In the Spring of 2014 Associate Professor Shelly Duff’s students in CSUS’ 4th year INTD 173 studio were introduced to the Solar Decathlon project. This studio has a history of engaging in sustainable design projects as well as collaborating with Construction Management students to provide students with a full view of their impending professional relationships and responsibilities. However, this was the first time that the University participated in the Solar Decathlon. The Solar Decathlon was selected for a semester project as it could familiarize students with new technologies available to achieve energy use reductions as well as allow them the challenge of working with specific programmatic criteria but without limiting design constraints. The criteria that they were given came in terms of the requirements for the competition; the home must be 600 to1000 SF with a maximum 18’-0” vertical dimension. The students instructed that their design must also be feasibly constructed in the current homebuilding climate. Therefore, it needed to be based on widely available materials and technologies and appeal to a large audience of home buyers. This approach was selected as California had recently passed a law that will require all new homes to be net-zero by 2020. We wished to show that this was a clearly achievable goal and to give students the tools and knowledge needed to attain it. Based on preliminary research conducted by Gareth Figges, professor of Construction Management, it was determined that in Sacramento the typical homebuyer of a small, net zero home would be a first time homebuyer between the ages of 25-44, single or married with up to 1 child. The site for the home was given as an existing urban neighborhood within Sacramento.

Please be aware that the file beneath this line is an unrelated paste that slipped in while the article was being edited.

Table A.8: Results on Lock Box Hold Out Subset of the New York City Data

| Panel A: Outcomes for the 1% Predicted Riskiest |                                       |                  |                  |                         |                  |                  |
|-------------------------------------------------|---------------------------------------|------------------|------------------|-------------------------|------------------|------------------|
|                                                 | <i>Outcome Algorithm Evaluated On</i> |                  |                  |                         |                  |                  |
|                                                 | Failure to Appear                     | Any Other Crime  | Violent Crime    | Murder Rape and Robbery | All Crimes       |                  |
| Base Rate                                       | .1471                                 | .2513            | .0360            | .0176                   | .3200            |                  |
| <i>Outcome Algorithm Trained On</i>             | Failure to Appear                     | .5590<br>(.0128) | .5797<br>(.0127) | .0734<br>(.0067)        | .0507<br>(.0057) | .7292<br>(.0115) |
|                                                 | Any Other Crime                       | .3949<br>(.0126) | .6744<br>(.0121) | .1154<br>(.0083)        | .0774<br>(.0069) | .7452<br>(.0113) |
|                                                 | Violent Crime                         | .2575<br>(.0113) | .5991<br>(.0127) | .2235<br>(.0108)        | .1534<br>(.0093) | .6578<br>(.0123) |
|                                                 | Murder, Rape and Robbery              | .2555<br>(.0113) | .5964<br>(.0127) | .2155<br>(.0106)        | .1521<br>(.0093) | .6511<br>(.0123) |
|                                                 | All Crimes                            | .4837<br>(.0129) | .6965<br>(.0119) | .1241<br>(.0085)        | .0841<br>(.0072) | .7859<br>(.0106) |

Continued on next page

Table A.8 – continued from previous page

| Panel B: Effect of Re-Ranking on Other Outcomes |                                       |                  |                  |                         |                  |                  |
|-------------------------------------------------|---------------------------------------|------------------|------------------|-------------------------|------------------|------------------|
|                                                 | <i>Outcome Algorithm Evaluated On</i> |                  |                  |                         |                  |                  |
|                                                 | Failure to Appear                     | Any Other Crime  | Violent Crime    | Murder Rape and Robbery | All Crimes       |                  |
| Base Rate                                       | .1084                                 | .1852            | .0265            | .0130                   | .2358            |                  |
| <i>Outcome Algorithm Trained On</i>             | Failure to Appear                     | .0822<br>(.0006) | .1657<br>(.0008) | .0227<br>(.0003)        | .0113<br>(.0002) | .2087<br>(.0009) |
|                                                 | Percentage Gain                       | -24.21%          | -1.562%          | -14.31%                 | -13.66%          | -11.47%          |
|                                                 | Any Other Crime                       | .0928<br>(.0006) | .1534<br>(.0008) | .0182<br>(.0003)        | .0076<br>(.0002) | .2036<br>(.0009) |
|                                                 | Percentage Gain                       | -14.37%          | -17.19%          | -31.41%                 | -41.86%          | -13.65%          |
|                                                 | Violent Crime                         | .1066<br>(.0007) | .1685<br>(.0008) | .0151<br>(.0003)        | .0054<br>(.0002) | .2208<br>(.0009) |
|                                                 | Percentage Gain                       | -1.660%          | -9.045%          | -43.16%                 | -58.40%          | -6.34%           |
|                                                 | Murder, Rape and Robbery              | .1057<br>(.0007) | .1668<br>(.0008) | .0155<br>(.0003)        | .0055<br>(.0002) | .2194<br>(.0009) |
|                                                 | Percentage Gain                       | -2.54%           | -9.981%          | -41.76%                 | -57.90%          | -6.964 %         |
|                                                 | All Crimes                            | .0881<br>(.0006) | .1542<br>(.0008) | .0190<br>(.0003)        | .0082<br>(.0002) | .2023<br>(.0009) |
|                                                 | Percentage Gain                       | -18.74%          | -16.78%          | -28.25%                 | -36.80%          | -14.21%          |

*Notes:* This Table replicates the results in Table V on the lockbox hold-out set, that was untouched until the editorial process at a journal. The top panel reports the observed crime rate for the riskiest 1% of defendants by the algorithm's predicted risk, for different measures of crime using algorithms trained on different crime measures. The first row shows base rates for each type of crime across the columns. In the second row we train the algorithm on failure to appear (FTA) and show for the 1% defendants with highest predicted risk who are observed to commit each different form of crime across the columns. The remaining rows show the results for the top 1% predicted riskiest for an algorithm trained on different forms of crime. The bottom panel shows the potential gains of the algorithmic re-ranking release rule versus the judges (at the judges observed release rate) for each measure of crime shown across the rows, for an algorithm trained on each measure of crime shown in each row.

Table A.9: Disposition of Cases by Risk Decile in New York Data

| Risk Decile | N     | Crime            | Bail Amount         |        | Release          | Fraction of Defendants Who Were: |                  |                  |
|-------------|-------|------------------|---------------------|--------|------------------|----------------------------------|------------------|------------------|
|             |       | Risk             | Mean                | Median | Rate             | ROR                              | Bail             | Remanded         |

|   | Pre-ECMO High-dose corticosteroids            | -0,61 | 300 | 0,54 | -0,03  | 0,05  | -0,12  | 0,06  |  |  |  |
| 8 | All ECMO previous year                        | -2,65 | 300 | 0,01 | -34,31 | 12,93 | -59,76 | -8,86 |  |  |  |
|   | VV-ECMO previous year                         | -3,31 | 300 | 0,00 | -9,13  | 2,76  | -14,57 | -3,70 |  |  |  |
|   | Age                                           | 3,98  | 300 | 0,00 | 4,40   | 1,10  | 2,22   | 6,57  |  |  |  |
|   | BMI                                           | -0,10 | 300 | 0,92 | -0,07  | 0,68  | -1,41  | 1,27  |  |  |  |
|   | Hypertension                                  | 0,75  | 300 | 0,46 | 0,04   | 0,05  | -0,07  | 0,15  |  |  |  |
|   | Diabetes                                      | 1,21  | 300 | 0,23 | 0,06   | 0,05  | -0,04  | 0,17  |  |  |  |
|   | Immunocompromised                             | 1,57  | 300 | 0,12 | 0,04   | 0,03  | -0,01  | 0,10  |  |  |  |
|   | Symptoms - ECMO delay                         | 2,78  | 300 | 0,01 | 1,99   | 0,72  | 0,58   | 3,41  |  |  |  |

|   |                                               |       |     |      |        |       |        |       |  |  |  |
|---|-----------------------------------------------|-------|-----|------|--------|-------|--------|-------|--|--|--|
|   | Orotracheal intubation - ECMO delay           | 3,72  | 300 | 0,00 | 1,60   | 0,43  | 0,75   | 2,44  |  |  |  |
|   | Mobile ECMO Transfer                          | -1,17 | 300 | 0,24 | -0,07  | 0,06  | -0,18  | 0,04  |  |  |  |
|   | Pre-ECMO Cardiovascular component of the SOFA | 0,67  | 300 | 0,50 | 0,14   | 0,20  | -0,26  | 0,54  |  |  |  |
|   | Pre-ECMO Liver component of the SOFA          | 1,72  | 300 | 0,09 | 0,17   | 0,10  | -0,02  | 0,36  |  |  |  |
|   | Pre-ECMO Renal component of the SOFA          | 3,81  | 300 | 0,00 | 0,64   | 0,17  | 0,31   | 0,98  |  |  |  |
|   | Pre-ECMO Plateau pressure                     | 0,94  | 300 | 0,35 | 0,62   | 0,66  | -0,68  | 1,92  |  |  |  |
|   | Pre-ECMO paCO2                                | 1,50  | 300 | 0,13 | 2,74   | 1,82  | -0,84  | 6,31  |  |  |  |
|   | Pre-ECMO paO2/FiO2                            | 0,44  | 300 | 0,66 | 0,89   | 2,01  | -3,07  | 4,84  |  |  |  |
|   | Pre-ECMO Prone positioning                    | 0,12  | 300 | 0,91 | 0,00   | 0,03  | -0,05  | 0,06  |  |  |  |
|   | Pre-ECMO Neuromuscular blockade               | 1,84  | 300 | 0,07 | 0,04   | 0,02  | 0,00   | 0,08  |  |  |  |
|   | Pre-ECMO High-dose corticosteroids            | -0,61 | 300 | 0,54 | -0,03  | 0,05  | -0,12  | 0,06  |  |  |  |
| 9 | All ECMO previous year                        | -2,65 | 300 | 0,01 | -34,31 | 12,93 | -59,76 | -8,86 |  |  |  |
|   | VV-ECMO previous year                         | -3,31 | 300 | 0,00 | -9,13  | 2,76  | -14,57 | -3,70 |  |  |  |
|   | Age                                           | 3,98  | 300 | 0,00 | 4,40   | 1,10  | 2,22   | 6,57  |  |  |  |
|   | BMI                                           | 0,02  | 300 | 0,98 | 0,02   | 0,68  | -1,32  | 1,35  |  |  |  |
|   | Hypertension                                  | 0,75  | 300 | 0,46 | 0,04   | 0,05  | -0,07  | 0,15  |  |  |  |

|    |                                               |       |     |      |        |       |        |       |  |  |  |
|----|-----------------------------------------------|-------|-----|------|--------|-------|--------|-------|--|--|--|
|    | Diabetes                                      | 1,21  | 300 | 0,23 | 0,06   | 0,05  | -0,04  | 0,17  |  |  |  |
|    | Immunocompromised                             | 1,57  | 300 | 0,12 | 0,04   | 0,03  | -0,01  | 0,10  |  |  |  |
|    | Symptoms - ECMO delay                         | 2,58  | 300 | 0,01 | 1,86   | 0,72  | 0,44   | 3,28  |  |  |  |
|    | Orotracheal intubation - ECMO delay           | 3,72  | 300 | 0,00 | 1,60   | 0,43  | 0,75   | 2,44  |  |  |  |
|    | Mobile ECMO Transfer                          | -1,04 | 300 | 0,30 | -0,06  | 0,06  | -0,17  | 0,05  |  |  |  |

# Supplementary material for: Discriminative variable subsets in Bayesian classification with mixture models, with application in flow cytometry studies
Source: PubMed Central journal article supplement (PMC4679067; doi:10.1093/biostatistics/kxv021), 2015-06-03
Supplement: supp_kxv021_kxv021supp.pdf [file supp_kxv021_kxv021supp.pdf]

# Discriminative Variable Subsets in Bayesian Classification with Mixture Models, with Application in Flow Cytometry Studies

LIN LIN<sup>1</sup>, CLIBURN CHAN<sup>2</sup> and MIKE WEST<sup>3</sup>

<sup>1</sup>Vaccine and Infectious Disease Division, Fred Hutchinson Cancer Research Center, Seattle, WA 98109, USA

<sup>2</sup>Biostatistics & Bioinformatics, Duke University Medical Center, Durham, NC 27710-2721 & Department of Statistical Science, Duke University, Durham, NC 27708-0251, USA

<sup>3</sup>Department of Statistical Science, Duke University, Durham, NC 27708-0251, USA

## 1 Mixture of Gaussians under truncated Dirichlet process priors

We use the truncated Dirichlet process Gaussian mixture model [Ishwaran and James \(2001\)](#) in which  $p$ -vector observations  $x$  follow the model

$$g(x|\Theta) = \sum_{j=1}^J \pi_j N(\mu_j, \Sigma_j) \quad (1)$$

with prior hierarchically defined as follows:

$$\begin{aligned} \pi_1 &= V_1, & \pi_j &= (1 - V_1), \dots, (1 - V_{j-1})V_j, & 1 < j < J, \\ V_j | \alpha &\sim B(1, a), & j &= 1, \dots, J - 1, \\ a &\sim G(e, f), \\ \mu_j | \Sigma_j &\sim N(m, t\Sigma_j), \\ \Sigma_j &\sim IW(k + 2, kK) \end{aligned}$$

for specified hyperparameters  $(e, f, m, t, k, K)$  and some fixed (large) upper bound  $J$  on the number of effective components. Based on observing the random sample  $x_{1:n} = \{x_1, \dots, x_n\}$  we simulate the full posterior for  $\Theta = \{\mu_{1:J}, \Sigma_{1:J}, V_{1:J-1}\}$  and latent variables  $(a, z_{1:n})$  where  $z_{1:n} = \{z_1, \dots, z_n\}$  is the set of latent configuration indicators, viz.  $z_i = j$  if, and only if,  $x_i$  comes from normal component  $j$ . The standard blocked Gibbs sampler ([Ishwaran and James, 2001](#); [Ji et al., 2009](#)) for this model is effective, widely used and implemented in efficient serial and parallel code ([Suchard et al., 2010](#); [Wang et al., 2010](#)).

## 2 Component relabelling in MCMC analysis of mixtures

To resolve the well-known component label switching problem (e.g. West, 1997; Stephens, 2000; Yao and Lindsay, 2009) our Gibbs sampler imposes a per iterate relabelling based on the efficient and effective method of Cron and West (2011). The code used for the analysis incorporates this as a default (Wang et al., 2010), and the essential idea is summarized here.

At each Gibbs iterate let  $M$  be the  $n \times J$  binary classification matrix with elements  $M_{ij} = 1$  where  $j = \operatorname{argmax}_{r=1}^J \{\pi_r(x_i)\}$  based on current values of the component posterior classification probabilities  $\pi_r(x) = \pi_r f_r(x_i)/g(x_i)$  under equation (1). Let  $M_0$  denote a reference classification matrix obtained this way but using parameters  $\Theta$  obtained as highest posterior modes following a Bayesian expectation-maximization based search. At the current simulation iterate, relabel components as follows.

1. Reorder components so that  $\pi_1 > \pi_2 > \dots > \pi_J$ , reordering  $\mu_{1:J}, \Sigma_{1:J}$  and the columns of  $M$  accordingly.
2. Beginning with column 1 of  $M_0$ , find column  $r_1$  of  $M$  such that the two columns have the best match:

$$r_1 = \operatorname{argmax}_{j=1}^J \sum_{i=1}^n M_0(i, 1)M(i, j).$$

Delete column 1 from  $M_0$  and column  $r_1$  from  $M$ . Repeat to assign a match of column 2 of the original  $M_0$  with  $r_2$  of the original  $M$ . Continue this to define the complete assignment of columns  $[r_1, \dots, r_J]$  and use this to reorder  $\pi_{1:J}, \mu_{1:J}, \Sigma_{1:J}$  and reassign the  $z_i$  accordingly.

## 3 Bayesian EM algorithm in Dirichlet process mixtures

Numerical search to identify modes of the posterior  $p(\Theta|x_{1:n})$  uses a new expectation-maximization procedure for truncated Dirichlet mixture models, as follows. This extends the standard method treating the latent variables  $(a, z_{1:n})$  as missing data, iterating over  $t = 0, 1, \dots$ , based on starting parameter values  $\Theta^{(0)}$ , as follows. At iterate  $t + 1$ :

This project, although small and seemingly straightforward, allowed students to explore to a depth that otherwise would not be possible. They were asked to consider the historical implications of “home”, what our culture, from the wide contemporary society to the specific youth culture of urban Sacramento, values or requires in a domicile as well as how the physical architecture of the home impacts that relationship. In addition they were allowed to advance this project to a point typically unattainable in a semester long project. Students needed to not only develop the design concept of the home fully but to also to bring it to fruition in the form of drawing documents complete enough that their Construction Management teammates could create a realistic budget for the home. Collectively they were also asked to carefully study and understand the environmental impact of each of their choices. As well as to consider the delicate balance needed between efficiency and aesthetics.